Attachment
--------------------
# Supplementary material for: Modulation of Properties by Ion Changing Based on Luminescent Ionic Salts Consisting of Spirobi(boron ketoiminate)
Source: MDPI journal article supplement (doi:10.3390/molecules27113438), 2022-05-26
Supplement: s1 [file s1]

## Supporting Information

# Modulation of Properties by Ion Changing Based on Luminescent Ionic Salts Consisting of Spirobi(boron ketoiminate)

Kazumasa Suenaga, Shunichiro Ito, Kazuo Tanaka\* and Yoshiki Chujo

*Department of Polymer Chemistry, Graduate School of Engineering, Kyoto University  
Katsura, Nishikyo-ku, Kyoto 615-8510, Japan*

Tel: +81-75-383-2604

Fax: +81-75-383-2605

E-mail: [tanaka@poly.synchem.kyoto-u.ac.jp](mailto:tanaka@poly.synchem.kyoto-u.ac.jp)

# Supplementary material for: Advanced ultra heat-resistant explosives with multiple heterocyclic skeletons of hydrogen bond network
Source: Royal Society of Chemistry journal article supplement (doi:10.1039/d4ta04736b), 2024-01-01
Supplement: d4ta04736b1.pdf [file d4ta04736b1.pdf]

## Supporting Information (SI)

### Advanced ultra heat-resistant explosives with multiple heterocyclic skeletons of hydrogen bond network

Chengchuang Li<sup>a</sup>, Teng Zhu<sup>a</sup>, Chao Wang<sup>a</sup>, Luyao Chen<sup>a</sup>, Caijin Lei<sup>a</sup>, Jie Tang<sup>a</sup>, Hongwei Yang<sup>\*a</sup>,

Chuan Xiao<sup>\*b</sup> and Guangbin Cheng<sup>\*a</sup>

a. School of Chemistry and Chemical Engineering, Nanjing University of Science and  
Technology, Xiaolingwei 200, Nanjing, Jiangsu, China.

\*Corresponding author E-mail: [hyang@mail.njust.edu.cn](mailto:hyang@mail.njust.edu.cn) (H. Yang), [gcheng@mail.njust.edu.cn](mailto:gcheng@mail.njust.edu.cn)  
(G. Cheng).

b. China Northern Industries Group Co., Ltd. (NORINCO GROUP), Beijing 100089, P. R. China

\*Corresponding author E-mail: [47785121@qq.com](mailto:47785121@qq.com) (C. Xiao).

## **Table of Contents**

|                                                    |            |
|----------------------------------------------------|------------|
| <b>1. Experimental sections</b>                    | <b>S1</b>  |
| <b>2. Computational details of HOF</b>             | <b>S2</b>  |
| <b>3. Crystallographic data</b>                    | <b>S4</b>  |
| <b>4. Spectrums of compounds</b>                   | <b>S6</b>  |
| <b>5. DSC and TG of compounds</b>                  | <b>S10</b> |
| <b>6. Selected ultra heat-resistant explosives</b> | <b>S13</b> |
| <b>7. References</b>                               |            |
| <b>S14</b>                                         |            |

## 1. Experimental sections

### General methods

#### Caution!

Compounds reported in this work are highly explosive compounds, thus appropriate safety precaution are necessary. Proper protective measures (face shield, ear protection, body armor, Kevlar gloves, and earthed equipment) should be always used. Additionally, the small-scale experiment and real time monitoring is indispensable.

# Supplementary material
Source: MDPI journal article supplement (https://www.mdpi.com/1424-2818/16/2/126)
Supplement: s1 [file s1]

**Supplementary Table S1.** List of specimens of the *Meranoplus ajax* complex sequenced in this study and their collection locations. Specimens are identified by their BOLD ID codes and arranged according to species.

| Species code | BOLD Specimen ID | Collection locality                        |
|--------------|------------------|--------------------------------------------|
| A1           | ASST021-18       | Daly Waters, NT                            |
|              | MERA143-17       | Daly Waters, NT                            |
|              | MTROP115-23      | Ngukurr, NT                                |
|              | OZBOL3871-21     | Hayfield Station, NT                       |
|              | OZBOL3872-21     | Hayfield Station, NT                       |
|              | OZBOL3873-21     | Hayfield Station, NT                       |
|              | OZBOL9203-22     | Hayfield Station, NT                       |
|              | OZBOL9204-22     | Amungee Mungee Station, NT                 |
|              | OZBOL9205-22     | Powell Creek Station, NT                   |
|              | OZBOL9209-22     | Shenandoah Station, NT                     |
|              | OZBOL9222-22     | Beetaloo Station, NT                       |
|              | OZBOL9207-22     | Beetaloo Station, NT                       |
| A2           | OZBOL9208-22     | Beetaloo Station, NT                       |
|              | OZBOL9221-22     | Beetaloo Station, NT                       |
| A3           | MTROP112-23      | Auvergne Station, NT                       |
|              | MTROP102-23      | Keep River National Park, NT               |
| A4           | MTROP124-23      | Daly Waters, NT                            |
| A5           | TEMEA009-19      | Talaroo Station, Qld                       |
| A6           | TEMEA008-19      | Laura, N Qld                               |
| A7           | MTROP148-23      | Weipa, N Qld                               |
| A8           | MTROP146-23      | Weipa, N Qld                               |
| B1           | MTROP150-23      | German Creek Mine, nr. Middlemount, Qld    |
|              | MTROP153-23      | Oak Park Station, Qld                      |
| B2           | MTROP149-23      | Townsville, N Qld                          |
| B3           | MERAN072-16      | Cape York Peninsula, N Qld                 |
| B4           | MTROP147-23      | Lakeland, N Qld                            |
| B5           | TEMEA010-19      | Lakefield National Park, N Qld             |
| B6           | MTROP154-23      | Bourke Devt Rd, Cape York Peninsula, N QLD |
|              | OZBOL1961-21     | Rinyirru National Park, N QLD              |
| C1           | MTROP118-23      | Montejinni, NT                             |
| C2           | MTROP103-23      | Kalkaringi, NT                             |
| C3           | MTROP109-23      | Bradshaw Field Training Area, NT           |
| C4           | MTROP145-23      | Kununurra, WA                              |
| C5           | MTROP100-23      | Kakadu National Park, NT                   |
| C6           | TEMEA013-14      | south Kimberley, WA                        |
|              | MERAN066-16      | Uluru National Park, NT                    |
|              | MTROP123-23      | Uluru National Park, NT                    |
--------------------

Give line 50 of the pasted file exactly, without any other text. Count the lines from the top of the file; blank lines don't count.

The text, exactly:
|              | OZBOL3872-21     | Hayfield Station, NT                       |